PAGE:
Abnormally high activity of the parathyroid gland can cause hyperparathyroidism    , a disorder caused by an overproduction of PTH that results in excessive calcium reabsorption from bone. Hyperparathyroidism can significantly decrease bone density, leading to spontaneous fractures or deformities. As blood calcium levels rise, cell membrane permeability to sodium is decreased, and the responsiveness of the nervous system is reduced. At the same time, calcium deposits may collect in the body’s tissues and organs, impairing their functioning.

In contrast, abnormally low blood calcium levels may be caused by parathyroid hormone deficiency, called hypoparathyroidism    , which may develop following injury or surgery involving the thyroid gland. Low blood calcium increases membrane permeability to sodium, resulting in muscle twitching, cramping, spasms, or convulsions. Severe deficits can paralyze muscles, including those involved in breathing, and can be fatal.

When blood calcium levels are high, calcitonin is produced and secreted by the parafollicular cells of the thyroid gland. As discussed earlier, calcitonin inhibits the activity of osteoclasts, reduces the absorption of dietary calcium in the intestine, and signals the kidneys to reabsorb less calcium, resulting in larger amounts of calcium excreted in the urine.

Chapter review

Calcium is required for a variety of important physiologic processes, including neuromuscular functioning; thus, blood calcium levels are closely regulated. The parathyroid glands are small structures located on the posterior thyroid gland that produce parathyroid hormone (PTH), which regulates blood calcium levels. Low blood calcium levels cause the production and secretion of PTH. In contrast, elevated blood calcium levels inhibit secretion of PTH and trigger secretion of the thyroid hormone calcitonin. Underproduction of PTH can result in hypoparathyroidism. In contrast, overproduction of PTH can result in hyperparathyroidism.

Questions & Answers

what is oesophagus?
Bhavani Reply
oesophagus also known as food pip
ABDULLAH
What is the meaning of dissection
Beryl Reply
what's the meaning of polar?
Jackson Reply
Sign of anaemia or whitish color or Hgb luck
Kassahn
Are you talking of Polar anaemia or what, because the word polar doesnt have one meaning
Kingsley
what are the three types of adrenocorticoids hormones
Lubega Reply
glucocorticoids mineralocorticoid and catecholamines
Kartik
what is polar and non-polar
Jackson Reply
polar unequal share of electron while non polar is equal share
Quran
why are phosphate molecules negatively charged?
Jackson Reply
Bocz of unpaired elections
Javid
because of unpaired electrons
ABDULLAH
what are amphipathic molecules?
Jackson Reply
Amphipathic molecules are molecules with both polar and non polar regions
Mohammed
How does the male organ develop
MADUBULA Reply
Hw does the male organ develop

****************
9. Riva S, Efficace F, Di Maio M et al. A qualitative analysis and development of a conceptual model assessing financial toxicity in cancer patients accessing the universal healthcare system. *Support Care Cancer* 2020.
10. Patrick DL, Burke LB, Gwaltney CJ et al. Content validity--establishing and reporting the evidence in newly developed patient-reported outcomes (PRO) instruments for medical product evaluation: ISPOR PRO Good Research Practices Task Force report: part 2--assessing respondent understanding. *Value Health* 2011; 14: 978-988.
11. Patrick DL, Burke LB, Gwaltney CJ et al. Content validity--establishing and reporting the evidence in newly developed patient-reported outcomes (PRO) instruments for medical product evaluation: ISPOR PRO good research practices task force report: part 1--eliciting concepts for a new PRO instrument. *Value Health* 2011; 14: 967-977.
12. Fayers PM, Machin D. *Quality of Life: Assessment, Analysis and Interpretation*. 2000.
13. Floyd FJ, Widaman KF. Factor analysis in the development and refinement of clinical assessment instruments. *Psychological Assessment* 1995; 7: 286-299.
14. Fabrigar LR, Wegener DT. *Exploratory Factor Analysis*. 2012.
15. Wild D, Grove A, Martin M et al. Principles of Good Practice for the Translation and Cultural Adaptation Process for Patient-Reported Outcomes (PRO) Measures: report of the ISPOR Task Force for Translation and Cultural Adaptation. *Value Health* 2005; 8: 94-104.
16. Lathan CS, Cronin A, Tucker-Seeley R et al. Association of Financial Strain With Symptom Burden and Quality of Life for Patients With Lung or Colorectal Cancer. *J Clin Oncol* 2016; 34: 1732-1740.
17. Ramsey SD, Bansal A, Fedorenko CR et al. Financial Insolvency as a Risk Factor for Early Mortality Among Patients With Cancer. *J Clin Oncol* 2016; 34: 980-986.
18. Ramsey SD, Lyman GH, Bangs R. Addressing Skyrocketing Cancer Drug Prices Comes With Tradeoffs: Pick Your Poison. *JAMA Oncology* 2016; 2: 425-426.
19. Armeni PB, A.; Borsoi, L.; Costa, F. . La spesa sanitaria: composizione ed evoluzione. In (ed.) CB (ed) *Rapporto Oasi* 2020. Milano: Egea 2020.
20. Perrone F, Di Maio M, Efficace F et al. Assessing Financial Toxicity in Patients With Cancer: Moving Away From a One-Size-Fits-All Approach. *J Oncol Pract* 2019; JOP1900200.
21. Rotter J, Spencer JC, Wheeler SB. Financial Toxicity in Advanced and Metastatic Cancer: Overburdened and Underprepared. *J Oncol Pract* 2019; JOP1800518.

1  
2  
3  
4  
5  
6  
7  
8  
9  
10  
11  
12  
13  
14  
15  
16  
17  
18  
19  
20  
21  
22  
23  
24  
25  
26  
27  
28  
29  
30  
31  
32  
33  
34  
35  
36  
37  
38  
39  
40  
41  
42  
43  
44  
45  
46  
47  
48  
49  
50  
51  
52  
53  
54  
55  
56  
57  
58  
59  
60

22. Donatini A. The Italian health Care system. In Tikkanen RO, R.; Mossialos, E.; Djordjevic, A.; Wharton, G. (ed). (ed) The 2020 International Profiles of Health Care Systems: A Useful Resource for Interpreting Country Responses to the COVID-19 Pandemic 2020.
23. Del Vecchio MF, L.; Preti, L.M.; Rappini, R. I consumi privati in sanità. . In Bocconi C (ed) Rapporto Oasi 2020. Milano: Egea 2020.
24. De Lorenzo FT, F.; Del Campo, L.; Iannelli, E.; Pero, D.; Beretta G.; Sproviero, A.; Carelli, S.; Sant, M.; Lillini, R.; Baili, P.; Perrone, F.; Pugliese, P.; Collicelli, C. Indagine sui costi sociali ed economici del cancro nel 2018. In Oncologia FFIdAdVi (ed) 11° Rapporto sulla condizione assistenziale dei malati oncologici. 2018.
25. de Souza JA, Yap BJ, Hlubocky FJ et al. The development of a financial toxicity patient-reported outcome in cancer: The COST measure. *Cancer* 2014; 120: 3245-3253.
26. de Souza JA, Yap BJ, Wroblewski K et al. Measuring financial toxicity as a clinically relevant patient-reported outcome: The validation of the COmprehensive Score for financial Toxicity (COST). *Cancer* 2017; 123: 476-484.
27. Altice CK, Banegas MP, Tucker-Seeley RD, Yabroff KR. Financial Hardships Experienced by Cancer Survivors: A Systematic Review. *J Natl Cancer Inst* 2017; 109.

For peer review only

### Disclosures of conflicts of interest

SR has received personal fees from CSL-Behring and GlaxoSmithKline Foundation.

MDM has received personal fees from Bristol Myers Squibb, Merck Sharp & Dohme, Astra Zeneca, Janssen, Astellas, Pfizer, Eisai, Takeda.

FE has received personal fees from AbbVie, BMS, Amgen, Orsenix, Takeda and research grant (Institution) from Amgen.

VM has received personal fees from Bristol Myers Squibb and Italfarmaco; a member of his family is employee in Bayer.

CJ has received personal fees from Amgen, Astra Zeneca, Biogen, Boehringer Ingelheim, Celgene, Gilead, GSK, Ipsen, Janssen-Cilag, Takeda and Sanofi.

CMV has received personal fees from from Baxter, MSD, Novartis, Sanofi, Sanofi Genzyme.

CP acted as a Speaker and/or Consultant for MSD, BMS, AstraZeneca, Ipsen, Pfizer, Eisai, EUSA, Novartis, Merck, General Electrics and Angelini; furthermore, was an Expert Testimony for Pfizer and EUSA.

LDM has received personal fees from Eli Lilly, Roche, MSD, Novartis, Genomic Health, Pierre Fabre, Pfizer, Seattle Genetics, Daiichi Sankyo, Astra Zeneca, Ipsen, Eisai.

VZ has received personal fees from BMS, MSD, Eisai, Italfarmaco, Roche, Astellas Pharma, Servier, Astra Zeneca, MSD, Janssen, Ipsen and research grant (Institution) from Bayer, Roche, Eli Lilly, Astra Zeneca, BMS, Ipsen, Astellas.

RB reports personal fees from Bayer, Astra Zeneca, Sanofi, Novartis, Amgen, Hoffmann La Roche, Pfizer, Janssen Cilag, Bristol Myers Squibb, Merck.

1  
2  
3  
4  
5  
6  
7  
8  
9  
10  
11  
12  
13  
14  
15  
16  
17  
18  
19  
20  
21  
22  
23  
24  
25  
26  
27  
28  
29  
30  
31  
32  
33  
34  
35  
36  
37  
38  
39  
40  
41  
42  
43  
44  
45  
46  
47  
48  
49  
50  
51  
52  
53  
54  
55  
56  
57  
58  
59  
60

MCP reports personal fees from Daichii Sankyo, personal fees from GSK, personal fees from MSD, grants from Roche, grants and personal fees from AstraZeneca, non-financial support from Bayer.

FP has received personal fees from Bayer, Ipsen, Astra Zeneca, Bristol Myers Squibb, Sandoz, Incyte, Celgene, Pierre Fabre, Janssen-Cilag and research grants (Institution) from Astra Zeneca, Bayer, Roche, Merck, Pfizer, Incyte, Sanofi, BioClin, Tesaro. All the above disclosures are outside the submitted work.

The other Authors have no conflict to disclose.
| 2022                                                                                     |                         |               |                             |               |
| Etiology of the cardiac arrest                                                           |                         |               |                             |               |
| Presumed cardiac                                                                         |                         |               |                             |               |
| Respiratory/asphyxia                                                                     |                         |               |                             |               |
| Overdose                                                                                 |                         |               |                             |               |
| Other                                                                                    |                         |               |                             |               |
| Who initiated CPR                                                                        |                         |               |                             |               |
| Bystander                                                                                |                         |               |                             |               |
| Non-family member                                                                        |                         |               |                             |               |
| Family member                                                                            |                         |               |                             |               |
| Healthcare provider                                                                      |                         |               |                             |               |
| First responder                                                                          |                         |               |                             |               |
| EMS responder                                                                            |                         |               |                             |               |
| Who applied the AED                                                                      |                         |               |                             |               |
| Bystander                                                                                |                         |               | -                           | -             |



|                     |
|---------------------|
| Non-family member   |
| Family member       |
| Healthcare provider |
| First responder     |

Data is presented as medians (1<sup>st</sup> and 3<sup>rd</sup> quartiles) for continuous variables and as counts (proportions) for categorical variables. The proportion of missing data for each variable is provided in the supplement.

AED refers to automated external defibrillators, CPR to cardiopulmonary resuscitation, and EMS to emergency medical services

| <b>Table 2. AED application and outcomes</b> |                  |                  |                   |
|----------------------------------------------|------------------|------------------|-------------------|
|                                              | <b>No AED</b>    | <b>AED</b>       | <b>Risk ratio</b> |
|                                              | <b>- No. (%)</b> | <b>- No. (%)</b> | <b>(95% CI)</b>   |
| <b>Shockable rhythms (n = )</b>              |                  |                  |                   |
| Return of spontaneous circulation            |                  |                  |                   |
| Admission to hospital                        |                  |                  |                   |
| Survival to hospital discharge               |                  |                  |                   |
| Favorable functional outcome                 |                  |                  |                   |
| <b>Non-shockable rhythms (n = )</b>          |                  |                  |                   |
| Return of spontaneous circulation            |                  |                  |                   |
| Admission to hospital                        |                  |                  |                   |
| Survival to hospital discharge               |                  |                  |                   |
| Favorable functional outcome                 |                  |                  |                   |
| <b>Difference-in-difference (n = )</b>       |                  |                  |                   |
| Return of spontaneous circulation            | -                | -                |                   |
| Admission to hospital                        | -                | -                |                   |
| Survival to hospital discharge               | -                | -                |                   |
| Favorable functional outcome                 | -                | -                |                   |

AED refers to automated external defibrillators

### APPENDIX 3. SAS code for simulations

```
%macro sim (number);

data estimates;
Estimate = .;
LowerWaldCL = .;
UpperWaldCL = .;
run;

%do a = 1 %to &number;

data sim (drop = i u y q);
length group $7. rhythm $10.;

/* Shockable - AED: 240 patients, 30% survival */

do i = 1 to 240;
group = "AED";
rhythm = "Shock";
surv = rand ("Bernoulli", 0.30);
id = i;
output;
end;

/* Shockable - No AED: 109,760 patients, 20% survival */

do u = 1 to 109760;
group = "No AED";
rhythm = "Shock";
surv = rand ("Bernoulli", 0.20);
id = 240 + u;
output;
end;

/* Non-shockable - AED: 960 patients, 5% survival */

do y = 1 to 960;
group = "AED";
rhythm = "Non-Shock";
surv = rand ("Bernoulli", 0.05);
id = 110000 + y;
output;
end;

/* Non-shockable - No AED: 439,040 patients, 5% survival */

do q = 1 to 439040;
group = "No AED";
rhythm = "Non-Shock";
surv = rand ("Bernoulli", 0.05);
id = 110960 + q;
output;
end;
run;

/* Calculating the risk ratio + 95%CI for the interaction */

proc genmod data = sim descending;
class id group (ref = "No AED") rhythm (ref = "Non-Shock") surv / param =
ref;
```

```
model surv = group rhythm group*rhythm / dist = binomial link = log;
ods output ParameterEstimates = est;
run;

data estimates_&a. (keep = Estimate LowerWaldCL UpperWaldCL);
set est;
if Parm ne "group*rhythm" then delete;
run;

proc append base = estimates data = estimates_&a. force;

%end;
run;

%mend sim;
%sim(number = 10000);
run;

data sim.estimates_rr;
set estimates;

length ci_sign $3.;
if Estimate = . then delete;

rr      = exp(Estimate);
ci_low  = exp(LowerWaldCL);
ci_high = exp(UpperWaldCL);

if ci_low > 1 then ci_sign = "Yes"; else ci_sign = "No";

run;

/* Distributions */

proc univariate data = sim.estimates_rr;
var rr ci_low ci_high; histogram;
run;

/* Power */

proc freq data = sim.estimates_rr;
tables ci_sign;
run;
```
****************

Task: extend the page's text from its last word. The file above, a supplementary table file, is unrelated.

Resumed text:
MADUBULA
Review your questions madam
Aliyu
what is anaphylaxis?
Rugut Reply
it is an imagency condition resulting from abnormal and immediate alagic response to a substance to which the body has become intensively sensitized
Lubega
different between drug and medicine
ado Reply
drugs have no medical application (cocaine, heroin, crystal meth). medicine have medical purpose (fentanyl, albuterol, aspirin, ect ect)
Jordan
medicine is a substance or preparation used in treating disease,drug is chemical compound medicine are drugs but all drugs are not medicines
Wafa
assalam o alaikum
Sidra
what happen to ECF and ICF regarding to OEDEMA
Zwanga Reply
what are the smooth muscles of the heart
Sintung Reply
stomach
Sidra
identify external features of kidney
saba Reply
kidney weight on males?
saba
and female ?
saba
Sle full name & treatment
Samim
Syplymic lupw erythematous
Samim
blood supply to spleen ?
saba
g..
saba
ya 135 g females
saba
130 on male
saba
130g on male
saba
g samim
saba
no 130grms on male
saba
mbbs
saba
good saba khan
Shahab
Tom kya krti ho st?
saba
your name?
saba
ok
saba
tum kya krti ho? muskan
saba
ok
saba
good muskan
Shahab
ok bye I m studying
saba
Define cranial nerves with oder
Javid
O-olfactory O-optic O-occumulator T-trochlear T-trigemenal A-abducent F-facial A-auditory G-glossopharyngeal V-vagus A-acessory
Aniee
opd mean?
Shahab
out patient department
mahesh
thnxx
Shahab
Ty Aniee singh
Javid
Ap sb us book s parhte h
Areeej
Read KD Tripathi book of Pharmacology.
mayank
Hello
mayank
CT Scan means
Sintung
what's health?
Sintung
hello
Philip
hi
Sintung
CT means - computerized tomography
Vivek
connective tissue
Dee
they link some body organs
Sintung
Difference between drug and medicine
Javid
hiii muskan
saba
what is tomography?
Gideon
tomography ☝
shahid
yes
Gideon
how hemolytic anemia cause due to gas gangrene?
Huma Reply
what's gangrene?
Sidra
why retro abdominal region called or named "flank "?
Huma Reply

Get the best Anatomy & Physiology course in your pocket!





Source:  OpenStax, Anatomy & Physiology. OpenStax CNX. Feb 04, 2016 Download for free at http://legacy.cnx.org/content/col11496/1.8
Google Play and the Google Play logo are trademarks of Google Inc.

Notification Switch

Would you like to follow the 'Anatomy & Physiology' conversation and receive update notifications?

Ask